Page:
Homeless population remains vulnerable after Fayetteville flooding
Posted October 9, 2016
Fayetteville, N.C. — As the streams and creeks that feed the Cape Fear River filled and overflowed in the wake of Hurricane Matthew, many needed to be rescued from the rushing water.
"We had to get out," said Mark Edwards. "It started getting knee deep, so we had to evacuate, me and my wife and son. And then by the time we got out to the highway, it was all the way up to the front end of the truck. We made it out just in time before it got really, really rough."
Cumberland County on Sunday reported more than 250 swift water rescues and 700 people rescued from flood waters. Teams from New York, New Jersey and Ohio arrived Sunday morning to add their boats to the navy that was pulling people from stranded cars and flooded homes.
As the sun set, four Fayetteville residents who had been caught up in fast-moving water remained unaccounted for.
Aaron Sabb is originally from New Jersey and had never experienced a hurricane. He was on his bed at the Salvation Army when the water came in. He lost everything within a few minutes.
“When the rain came, I was asleep. They woke me up, they told us it was time to evacuate. I look at the flood and water was beneath me,” Sabb said. “It covered your feet at the time, but by the time we went back in there, got up out of there, it was knee high.”
The homeless population is vulnerable to weather every day. Two homeless men said they planned to weather the storm in tents under the Person Street Bridge. The Cape Fear River has since swallowed that campsite.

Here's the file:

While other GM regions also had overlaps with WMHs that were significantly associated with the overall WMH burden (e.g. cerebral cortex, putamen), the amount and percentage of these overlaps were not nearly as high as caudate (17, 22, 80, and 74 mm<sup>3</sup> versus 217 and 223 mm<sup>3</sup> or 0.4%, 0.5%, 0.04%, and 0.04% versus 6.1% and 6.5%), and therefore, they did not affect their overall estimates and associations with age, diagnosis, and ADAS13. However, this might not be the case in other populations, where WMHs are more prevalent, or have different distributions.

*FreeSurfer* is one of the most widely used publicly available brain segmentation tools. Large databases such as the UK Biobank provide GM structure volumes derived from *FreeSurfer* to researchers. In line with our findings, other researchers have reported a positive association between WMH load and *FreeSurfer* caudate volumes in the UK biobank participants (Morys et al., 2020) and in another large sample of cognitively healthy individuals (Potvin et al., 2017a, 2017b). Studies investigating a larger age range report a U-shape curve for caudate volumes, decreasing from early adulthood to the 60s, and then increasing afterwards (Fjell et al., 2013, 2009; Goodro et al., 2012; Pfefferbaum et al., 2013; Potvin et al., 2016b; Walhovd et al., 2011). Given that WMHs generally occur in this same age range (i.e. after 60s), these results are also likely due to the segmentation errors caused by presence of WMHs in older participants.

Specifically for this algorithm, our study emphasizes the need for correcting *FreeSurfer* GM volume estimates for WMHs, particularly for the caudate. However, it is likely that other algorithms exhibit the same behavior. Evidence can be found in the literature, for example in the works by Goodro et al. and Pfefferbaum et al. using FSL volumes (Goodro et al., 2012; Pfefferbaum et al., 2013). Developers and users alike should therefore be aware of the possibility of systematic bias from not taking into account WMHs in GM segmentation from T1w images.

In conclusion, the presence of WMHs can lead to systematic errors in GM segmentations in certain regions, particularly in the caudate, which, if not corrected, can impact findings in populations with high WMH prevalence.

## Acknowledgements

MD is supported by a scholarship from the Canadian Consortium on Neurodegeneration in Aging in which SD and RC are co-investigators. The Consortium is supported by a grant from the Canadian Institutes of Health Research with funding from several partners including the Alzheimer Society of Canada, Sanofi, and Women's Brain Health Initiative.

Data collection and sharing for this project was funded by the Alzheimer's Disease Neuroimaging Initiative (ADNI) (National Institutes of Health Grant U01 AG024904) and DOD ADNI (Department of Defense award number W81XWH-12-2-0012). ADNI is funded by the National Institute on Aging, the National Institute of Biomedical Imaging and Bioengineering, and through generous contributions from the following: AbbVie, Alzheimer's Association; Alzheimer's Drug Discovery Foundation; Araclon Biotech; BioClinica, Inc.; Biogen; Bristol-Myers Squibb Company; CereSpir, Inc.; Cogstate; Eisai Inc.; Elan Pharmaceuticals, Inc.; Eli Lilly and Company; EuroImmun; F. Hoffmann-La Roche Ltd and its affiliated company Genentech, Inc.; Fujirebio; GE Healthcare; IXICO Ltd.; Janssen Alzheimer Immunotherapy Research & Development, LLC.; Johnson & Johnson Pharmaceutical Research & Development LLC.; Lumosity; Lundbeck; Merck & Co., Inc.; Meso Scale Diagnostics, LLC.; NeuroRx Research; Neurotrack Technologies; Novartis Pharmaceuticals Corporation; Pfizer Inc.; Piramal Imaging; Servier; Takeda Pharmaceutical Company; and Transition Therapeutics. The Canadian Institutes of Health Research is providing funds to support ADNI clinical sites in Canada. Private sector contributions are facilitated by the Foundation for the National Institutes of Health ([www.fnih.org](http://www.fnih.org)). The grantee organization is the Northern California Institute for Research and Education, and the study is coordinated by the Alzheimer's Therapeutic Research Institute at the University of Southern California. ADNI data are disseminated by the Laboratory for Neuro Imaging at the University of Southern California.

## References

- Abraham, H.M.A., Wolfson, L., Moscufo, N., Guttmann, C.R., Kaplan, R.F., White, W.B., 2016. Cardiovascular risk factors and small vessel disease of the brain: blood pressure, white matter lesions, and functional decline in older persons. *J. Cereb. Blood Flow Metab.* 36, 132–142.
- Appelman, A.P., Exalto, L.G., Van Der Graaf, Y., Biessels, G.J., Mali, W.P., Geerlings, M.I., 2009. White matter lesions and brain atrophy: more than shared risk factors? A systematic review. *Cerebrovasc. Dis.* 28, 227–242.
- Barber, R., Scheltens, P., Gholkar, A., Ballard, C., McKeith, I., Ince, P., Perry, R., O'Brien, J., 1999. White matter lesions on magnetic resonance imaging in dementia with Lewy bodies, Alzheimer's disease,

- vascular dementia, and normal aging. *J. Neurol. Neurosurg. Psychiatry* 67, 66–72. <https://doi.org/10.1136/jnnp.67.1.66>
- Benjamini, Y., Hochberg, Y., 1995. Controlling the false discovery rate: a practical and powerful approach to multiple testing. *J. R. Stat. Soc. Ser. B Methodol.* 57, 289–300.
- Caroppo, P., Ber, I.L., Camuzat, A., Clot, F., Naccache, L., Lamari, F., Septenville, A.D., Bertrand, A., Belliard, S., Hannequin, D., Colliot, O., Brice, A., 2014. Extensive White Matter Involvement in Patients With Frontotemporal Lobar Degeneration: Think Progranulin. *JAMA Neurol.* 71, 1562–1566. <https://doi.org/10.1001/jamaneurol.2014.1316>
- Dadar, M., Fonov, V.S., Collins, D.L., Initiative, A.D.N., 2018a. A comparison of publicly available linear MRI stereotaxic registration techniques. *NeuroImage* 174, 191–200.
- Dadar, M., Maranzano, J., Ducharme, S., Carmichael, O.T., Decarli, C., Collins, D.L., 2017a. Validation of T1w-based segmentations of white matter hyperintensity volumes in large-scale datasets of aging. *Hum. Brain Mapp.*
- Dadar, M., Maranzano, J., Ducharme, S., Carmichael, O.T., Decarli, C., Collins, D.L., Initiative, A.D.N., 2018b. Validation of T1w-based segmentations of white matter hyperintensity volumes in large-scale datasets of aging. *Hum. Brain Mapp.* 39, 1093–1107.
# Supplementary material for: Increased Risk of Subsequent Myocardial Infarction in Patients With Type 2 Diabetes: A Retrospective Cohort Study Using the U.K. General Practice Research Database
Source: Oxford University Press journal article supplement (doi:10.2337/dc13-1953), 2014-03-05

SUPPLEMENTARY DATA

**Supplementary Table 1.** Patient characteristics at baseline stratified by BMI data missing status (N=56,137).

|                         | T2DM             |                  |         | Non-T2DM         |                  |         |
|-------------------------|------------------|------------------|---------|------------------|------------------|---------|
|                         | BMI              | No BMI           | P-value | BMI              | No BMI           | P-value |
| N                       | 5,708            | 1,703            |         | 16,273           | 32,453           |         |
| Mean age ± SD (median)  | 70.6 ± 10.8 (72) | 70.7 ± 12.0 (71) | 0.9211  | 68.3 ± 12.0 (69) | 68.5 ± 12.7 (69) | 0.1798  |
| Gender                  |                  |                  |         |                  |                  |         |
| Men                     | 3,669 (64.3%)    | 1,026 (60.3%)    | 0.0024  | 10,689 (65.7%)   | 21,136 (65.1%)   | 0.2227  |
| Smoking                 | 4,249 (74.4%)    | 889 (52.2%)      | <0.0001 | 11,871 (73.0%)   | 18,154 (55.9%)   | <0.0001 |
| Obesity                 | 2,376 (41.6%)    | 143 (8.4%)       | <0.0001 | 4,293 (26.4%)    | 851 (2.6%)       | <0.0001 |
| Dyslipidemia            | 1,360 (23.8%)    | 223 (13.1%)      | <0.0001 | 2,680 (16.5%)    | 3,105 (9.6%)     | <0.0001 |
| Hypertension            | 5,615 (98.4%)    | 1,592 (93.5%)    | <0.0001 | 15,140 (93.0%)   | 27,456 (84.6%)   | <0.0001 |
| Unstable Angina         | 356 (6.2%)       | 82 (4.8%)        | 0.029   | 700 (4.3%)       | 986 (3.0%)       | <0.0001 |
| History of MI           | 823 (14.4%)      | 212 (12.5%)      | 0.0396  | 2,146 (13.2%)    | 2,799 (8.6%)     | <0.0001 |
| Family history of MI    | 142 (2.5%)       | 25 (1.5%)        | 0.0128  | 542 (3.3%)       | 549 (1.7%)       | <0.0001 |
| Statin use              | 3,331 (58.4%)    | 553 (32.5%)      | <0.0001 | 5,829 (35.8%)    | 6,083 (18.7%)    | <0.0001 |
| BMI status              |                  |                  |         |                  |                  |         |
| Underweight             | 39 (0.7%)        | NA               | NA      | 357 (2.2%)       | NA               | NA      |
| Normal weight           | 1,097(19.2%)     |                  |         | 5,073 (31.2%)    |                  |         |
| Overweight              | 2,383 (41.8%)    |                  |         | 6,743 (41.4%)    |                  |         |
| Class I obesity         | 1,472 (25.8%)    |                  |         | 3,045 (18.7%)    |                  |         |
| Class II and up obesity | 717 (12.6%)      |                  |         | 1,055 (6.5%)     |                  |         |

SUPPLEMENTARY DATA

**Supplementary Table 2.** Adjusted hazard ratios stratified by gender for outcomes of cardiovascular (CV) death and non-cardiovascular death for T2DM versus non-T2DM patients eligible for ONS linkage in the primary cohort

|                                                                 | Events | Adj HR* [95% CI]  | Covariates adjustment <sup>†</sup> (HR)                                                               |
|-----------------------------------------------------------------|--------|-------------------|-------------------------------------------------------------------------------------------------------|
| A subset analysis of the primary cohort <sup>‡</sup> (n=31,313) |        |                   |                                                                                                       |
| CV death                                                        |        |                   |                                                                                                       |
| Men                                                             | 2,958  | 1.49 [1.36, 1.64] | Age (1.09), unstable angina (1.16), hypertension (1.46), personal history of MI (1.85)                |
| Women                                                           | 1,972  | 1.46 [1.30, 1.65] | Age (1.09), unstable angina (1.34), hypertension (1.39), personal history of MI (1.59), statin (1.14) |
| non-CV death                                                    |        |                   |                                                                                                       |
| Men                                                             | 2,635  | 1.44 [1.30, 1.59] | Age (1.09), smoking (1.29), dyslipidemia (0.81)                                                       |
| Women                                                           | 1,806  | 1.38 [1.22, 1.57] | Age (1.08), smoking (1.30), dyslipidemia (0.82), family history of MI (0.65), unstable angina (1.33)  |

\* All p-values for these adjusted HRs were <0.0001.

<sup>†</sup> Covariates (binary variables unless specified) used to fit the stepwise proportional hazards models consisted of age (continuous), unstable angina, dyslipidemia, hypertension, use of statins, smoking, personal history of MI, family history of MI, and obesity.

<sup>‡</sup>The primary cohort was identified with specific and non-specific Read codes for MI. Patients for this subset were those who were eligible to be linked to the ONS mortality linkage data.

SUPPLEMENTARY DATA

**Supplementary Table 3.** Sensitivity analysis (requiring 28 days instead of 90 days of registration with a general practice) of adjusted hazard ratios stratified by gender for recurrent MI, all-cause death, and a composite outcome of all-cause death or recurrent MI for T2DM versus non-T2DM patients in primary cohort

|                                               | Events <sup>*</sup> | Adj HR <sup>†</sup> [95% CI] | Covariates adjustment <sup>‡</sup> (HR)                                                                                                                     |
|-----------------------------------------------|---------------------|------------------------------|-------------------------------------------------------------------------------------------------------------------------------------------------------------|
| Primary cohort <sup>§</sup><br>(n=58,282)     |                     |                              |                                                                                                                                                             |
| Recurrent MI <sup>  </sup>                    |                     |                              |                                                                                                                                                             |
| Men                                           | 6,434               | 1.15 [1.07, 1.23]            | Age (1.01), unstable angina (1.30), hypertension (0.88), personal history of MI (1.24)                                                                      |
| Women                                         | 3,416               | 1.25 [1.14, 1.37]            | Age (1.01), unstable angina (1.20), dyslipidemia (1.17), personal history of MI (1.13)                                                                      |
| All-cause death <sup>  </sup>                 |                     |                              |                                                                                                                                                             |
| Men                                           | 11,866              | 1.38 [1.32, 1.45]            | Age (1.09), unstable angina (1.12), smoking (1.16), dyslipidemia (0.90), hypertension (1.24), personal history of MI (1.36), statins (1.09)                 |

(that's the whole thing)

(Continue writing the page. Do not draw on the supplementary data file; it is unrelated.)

“I didn’t think I was going to be in a hurricane,” said Raymond Hart.
Hart lives in the Salvation Army Shelter and was one of about 30 men who took cover from the storm at a temporary shelter at Operation Inasmuch.
“And the outside was like a whole lake. I looked out the window, a whole lake. We had to get through all that water and I had to go in the kitchen and sit on the table in order to get out of the water,” Hart said.
Sunday night, the men were watching a movie and would sleep on cots in an area where breakfast is normally served. Operation Inasmuch Director Sue Byrd said it won’t be long before they won’t have to do that anymore.
‘In just a few months from now, the lodge will be open across the street and we won’t have to worry about nights like these because we’ll have everybody in,” Byrd said.
Most roads in Fayetteville were passable Sunday evening, but two major routes – Interstate 95 and U.S. Highway 301 – were closed because of water damage. Gillispie Street near Southern Avenue was closed because of overwash and erosion.
Drivers were asked to use U.S. Highway 401 from Lillington to Fayetteville.
Mayor Nat Robertson said there would be no curfew in Fayetteville Sunday night, but he asked people who didn't need to travel to stay off the roads to allow utility workers clear passage to do their jobs and restore power.